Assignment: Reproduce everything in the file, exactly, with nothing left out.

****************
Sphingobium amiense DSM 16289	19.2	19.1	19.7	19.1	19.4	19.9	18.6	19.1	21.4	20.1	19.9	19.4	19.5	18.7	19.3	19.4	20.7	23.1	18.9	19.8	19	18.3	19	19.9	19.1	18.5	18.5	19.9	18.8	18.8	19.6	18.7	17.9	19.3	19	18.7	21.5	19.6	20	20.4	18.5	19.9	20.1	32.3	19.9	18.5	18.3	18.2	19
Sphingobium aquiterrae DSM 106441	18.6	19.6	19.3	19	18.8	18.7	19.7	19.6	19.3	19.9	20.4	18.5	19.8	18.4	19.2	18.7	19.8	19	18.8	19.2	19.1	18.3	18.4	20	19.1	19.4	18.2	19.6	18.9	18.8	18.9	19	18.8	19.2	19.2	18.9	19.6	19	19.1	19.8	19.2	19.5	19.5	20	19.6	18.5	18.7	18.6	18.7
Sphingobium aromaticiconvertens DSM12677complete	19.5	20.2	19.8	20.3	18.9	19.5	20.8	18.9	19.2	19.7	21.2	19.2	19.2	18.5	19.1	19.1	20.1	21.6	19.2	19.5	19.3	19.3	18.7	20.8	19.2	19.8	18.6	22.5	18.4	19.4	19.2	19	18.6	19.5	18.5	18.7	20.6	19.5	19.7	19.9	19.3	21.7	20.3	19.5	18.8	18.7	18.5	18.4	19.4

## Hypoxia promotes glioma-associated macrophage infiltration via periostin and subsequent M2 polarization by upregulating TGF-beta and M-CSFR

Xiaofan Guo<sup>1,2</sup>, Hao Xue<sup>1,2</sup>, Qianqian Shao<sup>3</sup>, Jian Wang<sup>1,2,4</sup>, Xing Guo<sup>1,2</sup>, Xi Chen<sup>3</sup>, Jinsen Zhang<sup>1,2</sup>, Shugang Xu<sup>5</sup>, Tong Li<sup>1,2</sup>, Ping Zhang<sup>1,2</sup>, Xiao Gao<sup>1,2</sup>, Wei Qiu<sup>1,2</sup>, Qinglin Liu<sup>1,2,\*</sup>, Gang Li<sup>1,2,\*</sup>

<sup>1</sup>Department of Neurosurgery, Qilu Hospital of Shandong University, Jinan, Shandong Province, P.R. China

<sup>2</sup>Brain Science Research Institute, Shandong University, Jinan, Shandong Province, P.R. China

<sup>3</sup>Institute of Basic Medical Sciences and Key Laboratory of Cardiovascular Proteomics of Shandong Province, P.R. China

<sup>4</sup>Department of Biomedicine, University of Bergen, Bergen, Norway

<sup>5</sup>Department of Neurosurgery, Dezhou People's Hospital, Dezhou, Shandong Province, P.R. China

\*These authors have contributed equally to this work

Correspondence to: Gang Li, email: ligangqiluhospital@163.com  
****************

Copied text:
Sphingobium amiense DSM 16289	19.2	19.1	19.7	19.1	19.4	19.9	18.6	19.1	21.4	20.1	19.9	19.4	19.5	18.7	19.3	19.4	20.7	23.1	18.9	19.8	19	18.3	19	19.9	19.1	18.5	18.5	19.9	18.8	18.8	19.6	18.7	17.9	19.3	19	18.7	21.5	19.6	20	20.4	18.5	19.9	20.1	32.3	19.9	18.5	18.3	18.2	19
Sphingobium aquiterrae DSM 106441	18.6	19.6	19.3	19	18.8	18.7	19.7	19.6	19.3	19.9	20.4	18.5	19.8	18.4	19.2	18.7	19.8	19	18.8	19.2	19.1	18.3	18.4	20	19.1	19.4	18.2	19.6	18.9	18.8	18.9	19	18.8	19.2	19.2	18.9	19.6	19	19.1	19.8	19.2	19.5	19.5	20	19.6	18.5	18.7	18.6	18.7
Sphingobium aromaticiconvertens DSM12677complete	19.5	20.2	19.8	20.3	18.9	19.5	20.8	18.9	19.2	19.7	21.2	19.2	19.2	18.5	19.1	19.1	20.1	21.6	19.2	19.5	19.3	19.3	18.7	20.8	19.2	19.8	18.6	22.5	18.4	19.4	19.2	19	18.6	19.5	18.5	18.7	20.6	19.5	19.7	19.9	19.3	21.7	20.3	19.5	18.8	18.7	18.5	18.4	19.4

## Hypoxia promotes glioma-associated macrophage infiltration via periostin and subsequent M2 polarization by upregulating TGF-beta and M-CSFR

Xiaofan Guo<sup>1,2</sup>, Hao Xue<sup>1,2</sup>, Qianqian Shao<sup>3</sup>, Jian Wang<sup>1,2,4</sup>, Xing Guo<sup>1,2</sup>, Xi Chen<sup>3</sup>, Jinsen Zhang<sup>1,2</sup>, Shugang Xu<sup>5</sup>, Tong Li<sup>1,2</sup>, Ping Zhang<sup>1,2</sup>, Xiao Gao<sup>1,2</sup>, Wei Qiu<sup>1,2</sup>, Qinglin Liu<sup>1,2,\*</sup>, Gang Li<sup>1,2,\*</sup>

<sup>1</sup>Department of Neurosurgery, Qilu Hospital of Shandong University, Jinan, Shandong Province, P.R. China

<sup>2</sup>Brain Science Research Institute, Shandong University, Jinan, Shandong Province, P.R. China

<sup>3</sup>Institute of Basic Medical Sciences and Key Laboratory of Cardiovascular Proteomics of Shandong Province, P.R. China

<sup>4</sup>Department of Biomedicine, University of Bergen, Bergen, Norway

<sup>5</sup>Department of Neurosurgery, Dezhou People's Hospital, Dezhou, Shandong Province, P.R. China

\*These authors have contributed equally to this work

Correspondence to: Gang Li, email: ligangqiluhospital@163.com  